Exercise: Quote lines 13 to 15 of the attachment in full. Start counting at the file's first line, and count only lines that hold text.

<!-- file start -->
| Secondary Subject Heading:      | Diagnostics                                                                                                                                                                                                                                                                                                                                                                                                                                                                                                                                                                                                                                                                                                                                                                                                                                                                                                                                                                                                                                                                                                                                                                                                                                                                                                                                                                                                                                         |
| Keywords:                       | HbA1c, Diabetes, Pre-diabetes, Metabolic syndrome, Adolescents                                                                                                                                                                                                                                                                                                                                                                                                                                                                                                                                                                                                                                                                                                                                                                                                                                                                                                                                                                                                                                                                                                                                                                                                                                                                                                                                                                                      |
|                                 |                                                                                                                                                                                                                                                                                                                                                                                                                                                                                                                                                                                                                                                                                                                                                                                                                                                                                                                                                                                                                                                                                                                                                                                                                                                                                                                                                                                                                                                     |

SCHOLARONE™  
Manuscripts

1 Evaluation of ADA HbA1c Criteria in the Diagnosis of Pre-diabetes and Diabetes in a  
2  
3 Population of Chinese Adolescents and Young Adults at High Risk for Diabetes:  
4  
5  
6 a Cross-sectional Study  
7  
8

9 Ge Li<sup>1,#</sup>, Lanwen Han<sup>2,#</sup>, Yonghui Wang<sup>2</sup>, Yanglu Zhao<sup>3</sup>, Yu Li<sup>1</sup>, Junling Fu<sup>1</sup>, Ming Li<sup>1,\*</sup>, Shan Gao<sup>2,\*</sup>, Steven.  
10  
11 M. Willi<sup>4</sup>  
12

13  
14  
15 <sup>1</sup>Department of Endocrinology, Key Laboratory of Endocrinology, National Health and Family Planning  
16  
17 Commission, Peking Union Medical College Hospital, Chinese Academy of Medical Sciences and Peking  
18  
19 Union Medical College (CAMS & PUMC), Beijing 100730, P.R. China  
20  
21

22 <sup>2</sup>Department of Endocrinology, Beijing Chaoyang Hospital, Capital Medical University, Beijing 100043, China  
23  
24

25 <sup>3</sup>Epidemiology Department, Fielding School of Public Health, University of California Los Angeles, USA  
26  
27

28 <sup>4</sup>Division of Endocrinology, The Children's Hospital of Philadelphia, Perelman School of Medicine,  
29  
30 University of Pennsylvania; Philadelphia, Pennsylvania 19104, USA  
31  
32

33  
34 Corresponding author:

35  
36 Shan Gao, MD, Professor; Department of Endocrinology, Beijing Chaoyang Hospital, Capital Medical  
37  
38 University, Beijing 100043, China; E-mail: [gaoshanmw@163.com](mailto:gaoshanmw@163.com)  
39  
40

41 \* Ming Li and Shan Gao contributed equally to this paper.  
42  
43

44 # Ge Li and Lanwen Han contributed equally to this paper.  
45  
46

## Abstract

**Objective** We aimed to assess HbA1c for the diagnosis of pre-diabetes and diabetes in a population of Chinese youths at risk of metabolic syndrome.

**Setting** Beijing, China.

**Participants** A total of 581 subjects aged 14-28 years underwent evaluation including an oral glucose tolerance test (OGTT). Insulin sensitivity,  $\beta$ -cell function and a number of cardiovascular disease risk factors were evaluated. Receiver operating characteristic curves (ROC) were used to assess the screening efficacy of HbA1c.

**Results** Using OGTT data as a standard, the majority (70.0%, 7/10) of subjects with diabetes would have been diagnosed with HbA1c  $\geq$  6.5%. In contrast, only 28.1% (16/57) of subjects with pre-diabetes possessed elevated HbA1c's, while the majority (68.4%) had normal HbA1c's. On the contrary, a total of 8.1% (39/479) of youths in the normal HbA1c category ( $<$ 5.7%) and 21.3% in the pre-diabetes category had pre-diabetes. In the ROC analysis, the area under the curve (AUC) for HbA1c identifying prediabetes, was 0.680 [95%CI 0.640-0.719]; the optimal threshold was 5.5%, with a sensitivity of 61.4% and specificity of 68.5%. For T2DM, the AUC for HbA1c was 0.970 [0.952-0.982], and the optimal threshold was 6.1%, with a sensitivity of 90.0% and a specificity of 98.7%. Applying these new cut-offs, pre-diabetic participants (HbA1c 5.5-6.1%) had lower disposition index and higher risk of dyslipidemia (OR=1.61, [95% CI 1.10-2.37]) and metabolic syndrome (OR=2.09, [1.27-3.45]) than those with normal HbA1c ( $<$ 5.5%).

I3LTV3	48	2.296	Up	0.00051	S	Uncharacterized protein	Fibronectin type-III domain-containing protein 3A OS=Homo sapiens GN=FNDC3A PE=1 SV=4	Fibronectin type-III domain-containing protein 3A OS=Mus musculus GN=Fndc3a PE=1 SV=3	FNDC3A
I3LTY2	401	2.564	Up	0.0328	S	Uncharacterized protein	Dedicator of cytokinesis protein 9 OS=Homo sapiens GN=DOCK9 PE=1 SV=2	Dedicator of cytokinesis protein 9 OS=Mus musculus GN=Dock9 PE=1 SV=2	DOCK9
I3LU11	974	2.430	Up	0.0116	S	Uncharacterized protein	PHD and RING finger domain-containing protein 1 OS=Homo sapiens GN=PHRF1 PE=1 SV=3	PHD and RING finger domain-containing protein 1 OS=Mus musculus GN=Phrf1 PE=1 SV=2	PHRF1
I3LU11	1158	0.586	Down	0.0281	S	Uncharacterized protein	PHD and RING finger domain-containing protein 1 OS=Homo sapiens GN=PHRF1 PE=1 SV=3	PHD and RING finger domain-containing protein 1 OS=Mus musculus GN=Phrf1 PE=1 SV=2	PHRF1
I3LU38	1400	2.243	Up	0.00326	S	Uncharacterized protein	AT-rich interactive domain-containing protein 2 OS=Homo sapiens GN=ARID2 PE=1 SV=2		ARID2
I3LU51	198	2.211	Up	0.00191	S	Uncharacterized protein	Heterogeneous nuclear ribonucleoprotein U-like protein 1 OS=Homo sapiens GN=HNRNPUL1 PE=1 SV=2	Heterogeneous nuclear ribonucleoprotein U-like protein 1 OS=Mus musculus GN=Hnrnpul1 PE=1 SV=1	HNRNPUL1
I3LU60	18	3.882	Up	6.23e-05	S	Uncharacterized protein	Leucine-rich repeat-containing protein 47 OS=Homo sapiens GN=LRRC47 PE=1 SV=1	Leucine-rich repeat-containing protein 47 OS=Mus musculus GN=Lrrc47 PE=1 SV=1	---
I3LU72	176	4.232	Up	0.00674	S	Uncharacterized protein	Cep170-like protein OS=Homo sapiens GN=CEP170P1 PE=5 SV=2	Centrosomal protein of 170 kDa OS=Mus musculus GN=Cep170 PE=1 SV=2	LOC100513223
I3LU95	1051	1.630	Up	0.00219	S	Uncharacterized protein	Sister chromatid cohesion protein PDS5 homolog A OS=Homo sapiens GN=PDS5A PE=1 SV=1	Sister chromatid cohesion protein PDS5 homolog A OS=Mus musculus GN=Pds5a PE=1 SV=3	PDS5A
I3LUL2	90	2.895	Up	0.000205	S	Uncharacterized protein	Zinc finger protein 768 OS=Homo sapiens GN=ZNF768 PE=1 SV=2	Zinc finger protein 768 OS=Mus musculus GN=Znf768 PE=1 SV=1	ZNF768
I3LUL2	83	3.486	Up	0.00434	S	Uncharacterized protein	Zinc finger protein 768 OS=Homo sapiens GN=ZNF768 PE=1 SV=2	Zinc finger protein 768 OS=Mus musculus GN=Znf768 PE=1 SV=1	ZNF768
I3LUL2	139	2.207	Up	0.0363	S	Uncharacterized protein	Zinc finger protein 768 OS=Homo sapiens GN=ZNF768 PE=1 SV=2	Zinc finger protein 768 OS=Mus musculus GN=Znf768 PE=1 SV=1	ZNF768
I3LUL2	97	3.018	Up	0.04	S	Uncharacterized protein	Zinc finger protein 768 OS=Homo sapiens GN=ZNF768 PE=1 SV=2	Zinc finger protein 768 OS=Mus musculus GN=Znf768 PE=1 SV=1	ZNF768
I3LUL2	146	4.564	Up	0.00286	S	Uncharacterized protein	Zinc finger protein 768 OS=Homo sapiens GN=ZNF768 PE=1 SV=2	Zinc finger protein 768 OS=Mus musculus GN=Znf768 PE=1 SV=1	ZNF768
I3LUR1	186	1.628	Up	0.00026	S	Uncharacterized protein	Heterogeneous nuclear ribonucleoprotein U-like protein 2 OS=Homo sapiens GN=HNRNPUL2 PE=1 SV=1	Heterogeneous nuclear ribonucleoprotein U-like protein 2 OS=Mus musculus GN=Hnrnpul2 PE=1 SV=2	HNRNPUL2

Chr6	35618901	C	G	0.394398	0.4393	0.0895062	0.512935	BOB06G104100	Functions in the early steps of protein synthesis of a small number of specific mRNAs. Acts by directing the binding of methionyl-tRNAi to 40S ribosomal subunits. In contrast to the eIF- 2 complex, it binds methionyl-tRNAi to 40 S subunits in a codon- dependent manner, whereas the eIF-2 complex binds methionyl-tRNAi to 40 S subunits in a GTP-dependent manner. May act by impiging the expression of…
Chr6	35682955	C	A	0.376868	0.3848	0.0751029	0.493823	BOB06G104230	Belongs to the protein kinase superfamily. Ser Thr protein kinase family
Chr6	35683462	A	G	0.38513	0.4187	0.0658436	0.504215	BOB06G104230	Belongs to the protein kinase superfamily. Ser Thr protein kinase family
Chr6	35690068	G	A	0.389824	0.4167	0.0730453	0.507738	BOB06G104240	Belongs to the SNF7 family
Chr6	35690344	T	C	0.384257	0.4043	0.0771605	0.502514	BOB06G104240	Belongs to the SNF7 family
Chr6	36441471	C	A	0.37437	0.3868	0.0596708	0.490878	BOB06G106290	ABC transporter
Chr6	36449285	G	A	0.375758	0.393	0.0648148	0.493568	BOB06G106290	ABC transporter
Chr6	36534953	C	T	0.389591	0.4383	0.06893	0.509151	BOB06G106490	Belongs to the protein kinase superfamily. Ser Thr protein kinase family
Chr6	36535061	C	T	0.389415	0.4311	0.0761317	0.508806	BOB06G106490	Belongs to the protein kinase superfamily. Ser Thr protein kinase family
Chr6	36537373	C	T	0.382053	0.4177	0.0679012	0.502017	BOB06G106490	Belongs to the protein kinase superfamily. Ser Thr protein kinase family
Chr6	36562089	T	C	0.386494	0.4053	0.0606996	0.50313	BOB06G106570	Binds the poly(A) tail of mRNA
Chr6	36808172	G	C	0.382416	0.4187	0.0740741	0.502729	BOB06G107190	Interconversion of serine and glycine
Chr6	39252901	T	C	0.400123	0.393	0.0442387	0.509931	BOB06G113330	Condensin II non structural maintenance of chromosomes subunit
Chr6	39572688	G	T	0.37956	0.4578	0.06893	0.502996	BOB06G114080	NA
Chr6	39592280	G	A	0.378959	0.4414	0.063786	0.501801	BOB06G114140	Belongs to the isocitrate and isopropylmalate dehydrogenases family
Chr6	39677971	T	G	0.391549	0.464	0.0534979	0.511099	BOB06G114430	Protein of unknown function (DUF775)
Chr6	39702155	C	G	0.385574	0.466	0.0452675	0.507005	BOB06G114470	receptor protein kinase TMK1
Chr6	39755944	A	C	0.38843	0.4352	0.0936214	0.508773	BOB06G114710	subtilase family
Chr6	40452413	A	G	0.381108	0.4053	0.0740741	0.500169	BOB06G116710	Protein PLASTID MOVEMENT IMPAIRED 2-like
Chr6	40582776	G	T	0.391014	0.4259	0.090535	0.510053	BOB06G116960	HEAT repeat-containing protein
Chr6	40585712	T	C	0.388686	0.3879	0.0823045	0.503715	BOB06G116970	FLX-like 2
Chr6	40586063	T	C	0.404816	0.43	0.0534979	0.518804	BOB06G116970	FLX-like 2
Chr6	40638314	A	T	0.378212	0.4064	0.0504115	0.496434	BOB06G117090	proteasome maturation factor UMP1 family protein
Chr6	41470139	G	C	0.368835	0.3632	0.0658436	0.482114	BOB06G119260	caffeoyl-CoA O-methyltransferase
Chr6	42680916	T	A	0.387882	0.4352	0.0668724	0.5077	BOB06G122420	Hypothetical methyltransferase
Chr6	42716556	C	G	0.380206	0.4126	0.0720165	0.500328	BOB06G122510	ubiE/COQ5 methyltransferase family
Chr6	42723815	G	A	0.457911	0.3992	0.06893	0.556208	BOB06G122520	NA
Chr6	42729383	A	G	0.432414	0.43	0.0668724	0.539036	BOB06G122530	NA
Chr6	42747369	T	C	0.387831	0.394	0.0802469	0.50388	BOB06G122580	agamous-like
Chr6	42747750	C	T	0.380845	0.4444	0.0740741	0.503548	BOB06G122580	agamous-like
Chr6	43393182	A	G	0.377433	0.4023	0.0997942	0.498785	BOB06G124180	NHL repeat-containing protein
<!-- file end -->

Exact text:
8

9 Ge Li<sup>1,#</sup>, Lanwen Han<sup>2,#</sup>, Yonghui Wang<sup>2</sup>, Yanglu Zhao<sup>3</sup>, Yu Li<sup>1</sup>, Junling Fu<sup>1</sup>, Ming Li<sup>1,\*</sup>, Shan Gao<sup>2,\*</sup>, Steven.  
10  